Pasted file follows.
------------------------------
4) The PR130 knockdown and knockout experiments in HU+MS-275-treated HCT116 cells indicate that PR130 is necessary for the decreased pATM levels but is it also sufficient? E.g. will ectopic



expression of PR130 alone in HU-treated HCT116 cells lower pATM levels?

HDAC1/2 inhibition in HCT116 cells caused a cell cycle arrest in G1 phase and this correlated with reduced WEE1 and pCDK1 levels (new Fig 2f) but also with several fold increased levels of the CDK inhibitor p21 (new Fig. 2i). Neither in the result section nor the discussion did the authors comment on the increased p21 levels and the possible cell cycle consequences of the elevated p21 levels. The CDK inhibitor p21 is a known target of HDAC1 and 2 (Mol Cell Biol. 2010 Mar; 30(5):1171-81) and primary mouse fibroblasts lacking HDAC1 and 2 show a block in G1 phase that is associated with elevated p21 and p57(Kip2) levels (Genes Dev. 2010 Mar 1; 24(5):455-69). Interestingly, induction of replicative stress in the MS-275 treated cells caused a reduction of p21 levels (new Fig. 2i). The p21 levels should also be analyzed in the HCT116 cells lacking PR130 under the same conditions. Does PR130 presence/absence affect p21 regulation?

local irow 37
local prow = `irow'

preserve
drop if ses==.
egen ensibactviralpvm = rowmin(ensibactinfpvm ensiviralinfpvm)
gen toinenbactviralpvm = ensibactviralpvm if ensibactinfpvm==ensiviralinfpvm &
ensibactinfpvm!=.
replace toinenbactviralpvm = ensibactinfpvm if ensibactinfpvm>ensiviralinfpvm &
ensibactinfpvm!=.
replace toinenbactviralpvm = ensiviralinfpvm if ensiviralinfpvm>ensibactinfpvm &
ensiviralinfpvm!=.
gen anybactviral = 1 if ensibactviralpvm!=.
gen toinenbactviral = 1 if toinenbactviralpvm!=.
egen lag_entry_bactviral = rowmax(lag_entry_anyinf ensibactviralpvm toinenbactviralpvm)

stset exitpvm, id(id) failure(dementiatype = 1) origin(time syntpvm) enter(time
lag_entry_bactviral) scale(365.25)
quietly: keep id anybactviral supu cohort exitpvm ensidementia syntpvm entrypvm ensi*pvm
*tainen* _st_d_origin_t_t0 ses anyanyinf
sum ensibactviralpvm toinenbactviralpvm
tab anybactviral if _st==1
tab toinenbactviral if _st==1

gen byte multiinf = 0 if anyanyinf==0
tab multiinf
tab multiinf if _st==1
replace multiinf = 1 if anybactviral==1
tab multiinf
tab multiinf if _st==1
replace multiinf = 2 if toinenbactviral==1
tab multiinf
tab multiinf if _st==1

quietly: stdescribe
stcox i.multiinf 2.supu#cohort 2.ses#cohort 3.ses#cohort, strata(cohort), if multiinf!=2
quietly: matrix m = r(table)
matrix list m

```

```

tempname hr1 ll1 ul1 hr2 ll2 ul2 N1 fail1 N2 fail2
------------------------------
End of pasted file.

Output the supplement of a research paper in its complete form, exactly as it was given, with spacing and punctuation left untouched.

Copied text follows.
4) The PR130 knockdown and knockout experiments in HU+MS-275-treated HCT116 cells indicate that PR130 is necessary for the decreased pATM levels but is it also sufficient? E.g. will ectopic



expression of PR130 alone in HU-treated HCT116 cells lower pATM levels?

HDAC1/2 inhibition in HCT116 cells caused a cell cycle arrest in G1 phase and this correlated with reduced WEE1 and pCDK1 levels (new Fig 2f) but also with several fold increased levels of the CDK inhibitor p21 (new Fig. 2i). Neither in the result section nor the discussion did the authors comment on the increased p21 levels and the possible cell cycle consequences of the elevated p21 levels. The CDK inhibitor p21 is a known target of HDAC1 and 2 (Mol Cell Biol. 2010 Mar; 30(5):1171-81) and primary mouse fibroblasts lacking HDAC1 and 2 show a block in G1 phase that is associated with elevated p21 and p57(Kip2) levels (Genes Dev. 2010 Mar 1; 24(5):455-69). Interestingly, induction of replicative stress in the MS-275 treated cells caused a reduction of p21 levels (new Fig. 2i). The p21 levels should also be analyzed in the HCT116 cells lacking PR130 under the same conditions. Does PR130 presence/absence affect p21 regulation?

local irow 37
local prow = `irow'

preserve
drop if ses==.
egen ensibactviralpvm = rowmin(ensibactinfpvm ensiviralinfpvm)
gen toinenbactviralpvm = ensibactviralpvm if ensibactinfpvm==ensiviralinfpvm &
ensibactinfpvm!=.
replace toinenbactviralpvm = ensibactinfpvm if ensibactinfpvm>ensiviralinfpvm &
ensibactinfpvm!=.
replace toinenbactviralpvm = ensiviralinfpvm if ensiviralinfpvm>ensibactinfpvm &
ensiviralinfpvm!=.
gen anybactviral = 1 if ensibactviralpvm!=.
gen toinenbactviral = 1 if toinenbactviralpvm!=.
egen lag_entry_bactviral = rowmax(lag_entry_anyinf ensibactviralpvm toinenbactviralpvm)

stset exitpvm, id(id) failure(dementiatype = 1) origin(time syntpvm) enter(time
lag_entry_bactviral) scale(365.25)
quietly: keep id anybactviral supu cohort exitpvm ensidementia syntpvm entrypvm ensi*pvm
*tainen* _st_d_origin_t_t0 ses anyanyinf
sum ensibactviralpvm toinenbactviralpvm
tab anybactviral if _st==1
tab toinenbactviral if _st==1

gen byte multiinf = 0 if anyanyinf==0
tab multiinf
tab multiinf if _st==1
replace multiinf = 1 if anybactviral==1
tab multiinf
tab multiinf if _st==1
replace multiinf = 2 if toinenbactviral==1
tab multiinf
tab multiinf if _st==1

quietly: stdescribe
stcox i.multiinf 2.supu#cohort 2.ses#cohort 3.ses#cohort, strata(cohort), if multiinf!=2
quietly: matrix m = r(table)
matrix list m

```

```

tempname hr1 ll1 ul1 hr2 ll2 ul2 N1 fail1 N2 fail2